UK’s largest port remains resilient

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Heathrow Airport


Heathrow Airport holds the illustrious title of the UK’s largest port by value, having handled £153 billion in non-EU imports and exports across a network of over 235 destinations worldwide during 2021, accounting for 3/4 of all British air cargo.

Despite the collapse in passenger traffic, Heathrow maintained strong cargo volumes throughout, supported the movement of vital supplies like PPE and vaccines. Food exports also formed a sizeable section of the airports traffic, with Britain’s biggest food and drink export, salmon, comprising £237 million worth of the goods flown out of the international hub.

Tough few years

“Macroeconomic factors will always have an impact on the industry. If something is having an impact on the industry, it will clearly then filter down to us,” James Golding, Heathrow’s head of cargo, said. “My guess is there’s definitely been a slowdown.”

While Heathrow managed to redirect its focus during the pandemic, it faced more challenges as a passenger-focused airport than its counterparts that had strong existing cargo operations. “In the pandemic, we suffered because we didn’t have a big freighter base to fall back on. Yes, airlines converted to freighter but we don’t have that extensive freighter network because of our very strict slot regime, restrictions on night flights, we’re constrained physically in terms of the space that we’ve got.”

Looking at the data, overall Heathrow’s cargo volumes were 14% down in September compared with September 2019 – the last normal year on record. While that might initially seem disappointing, the month-to-month figures tell a different story, as there was a 6% increase from August to September.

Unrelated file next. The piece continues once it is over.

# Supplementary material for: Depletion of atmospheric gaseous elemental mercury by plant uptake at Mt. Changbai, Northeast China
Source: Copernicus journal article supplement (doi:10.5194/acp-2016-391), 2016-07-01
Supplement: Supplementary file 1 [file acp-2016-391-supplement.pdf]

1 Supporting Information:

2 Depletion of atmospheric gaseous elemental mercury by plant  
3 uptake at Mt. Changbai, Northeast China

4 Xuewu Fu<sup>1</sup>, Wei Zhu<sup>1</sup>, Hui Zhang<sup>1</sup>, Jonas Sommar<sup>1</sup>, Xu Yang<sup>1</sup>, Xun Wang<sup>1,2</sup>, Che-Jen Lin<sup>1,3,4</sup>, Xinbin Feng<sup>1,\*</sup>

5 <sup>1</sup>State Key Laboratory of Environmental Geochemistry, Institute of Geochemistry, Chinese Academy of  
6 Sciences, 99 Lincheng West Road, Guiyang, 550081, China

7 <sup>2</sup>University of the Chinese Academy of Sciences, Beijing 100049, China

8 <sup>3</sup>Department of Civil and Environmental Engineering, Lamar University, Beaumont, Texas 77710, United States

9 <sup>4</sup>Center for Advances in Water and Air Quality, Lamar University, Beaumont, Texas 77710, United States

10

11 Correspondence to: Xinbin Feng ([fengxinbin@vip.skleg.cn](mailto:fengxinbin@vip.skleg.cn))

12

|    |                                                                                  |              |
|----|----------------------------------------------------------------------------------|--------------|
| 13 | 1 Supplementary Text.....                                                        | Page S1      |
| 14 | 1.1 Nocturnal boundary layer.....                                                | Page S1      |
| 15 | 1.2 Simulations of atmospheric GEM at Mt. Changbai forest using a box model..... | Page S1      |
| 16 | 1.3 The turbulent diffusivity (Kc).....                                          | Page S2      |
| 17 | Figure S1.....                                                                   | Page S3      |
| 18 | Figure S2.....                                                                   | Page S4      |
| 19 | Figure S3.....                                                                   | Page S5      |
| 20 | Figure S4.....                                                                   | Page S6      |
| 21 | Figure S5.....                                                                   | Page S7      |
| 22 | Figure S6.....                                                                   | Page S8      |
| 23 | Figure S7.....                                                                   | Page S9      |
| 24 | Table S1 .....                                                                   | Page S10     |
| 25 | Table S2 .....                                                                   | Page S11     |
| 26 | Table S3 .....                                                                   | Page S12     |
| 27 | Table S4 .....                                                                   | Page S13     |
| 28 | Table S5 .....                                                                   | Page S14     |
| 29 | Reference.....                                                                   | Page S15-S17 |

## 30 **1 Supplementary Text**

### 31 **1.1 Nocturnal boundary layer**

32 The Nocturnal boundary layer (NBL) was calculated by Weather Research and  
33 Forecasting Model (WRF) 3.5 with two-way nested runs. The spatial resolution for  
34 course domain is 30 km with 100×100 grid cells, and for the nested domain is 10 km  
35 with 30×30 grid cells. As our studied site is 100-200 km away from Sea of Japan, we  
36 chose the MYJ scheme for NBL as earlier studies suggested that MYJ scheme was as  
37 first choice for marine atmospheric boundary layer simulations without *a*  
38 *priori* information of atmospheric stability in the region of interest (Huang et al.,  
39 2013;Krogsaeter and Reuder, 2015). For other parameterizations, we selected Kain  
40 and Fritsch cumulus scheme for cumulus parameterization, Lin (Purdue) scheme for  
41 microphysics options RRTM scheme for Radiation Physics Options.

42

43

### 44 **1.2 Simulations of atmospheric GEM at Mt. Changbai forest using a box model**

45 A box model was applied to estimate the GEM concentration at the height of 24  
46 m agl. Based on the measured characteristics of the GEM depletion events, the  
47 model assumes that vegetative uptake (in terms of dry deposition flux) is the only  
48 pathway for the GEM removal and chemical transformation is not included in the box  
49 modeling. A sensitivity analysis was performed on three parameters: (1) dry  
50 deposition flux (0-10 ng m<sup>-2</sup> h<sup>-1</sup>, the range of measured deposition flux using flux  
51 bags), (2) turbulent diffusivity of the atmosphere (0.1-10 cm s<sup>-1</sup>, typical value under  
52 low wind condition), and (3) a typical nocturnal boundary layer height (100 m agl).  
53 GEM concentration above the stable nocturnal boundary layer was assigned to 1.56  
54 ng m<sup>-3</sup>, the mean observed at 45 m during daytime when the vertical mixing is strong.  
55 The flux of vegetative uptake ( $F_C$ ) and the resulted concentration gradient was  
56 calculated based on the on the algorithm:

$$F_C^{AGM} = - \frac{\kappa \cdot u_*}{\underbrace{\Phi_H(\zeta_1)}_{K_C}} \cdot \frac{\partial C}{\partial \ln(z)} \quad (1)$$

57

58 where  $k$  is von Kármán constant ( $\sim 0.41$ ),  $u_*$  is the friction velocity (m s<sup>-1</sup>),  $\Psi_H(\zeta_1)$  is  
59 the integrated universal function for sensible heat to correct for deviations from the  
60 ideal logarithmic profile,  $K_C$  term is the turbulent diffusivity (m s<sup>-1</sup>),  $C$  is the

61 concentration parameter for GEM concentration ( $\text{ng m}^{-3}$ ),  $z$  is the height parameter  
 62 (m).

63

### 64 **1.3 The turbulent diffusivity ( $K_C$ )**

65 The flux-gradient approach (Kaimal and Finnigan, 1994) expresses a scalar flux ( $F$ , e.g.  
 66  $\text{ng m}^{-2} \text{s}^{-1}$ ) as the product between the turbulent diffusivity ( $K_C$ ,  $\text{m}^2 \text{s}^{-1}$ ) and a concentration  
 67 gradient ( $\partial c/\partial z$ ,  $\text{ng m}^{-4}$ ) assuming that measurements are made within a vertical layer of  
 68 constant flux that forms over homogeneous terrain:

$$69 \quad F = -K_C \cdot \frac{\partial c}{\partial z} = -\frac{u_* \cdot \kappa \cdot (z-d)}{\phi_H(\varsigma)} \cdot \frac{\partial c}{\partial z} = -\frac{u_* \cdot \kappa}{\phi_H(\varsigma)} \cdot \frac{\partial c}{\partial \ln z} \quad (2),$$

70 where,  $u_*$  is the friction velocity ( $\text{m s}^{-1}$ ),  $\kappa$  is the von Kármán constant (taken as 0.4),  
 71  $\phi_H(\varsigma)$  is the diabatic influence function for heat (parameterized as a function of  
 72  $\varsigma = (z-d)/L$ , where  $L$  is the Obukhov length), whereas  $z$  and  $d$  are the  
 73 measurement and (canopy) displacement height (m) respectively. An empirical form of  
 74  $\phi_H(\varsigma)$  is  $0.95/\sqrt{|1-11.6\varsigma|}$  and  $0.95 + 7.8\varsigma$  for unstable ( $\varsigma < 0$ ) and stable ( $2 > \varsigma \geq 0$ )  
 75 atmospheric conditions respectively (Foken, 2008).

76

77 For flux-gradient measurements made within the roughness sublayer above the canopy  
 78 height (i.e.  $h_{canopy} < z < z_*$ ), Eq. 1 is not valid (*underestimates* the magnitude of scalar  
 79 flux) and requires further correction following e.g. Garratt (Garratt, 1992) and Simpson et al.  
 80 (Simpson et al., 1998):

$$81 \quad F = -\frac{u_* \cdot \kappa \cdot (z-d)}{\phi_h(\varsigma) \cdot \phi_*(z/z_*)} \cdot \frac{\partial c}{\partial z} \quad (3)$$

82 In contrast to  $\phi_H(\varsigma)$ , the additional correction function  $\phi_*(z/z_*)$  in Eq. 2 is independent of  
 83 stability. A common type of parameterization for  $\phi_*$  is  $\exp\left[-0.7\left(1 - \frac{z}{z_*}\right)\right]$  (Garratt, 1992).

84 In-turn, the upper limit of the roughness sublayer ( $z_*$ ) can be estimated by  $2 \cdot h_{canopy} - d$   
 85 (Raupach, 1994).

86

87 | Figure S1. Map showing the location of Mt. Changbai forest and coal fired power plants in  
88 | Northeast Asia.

“That’s why our performance compared to some of our European competitor airports, like East Midlands, was relatively poor in terms of time recovery – because of our reliance on bellyhold,” Golding explained, “Obviously in times of passenger growth and cargo then that does work in our favour but I think what we are always trying to do is achieve that balance. And I don’t think previously we got that balance quite right.”

As the UK and the world started to emerge from the impact of the Covid pandemic at the start of 2022, Heathrow had hoped

that there would be faster growth from a cargo perspective
but that was hampered by the geopolitical ripples caused by Russia’s invasion of Ukraine. Amidst all of this though, the airport has started to see the early signs of growth, viewing the next few months as particularly key as the industry heads into the peak Christmas period.

Read more: IAG Cargo opens applications for London-Heathrow based apprenticeship scheme

Changing strategies

Heathrow is in a different position to other regional and international hubs, as it doesn’t own the majority of cargo facilities, meaning that collaboration is crucial with the entire community at the airport and in the wider industry when planning how it will achieve the goals that underpin its broader missions.

Over the past two and a half years, airlines and cargo handlers have been forced to adapt and modify their operations to meet the changing environment. “We need to change our strategy accordingly. Really, we are now about how we can grow our cargo proposition in the safest way, most secure way, most sustainable way,” Golding stated.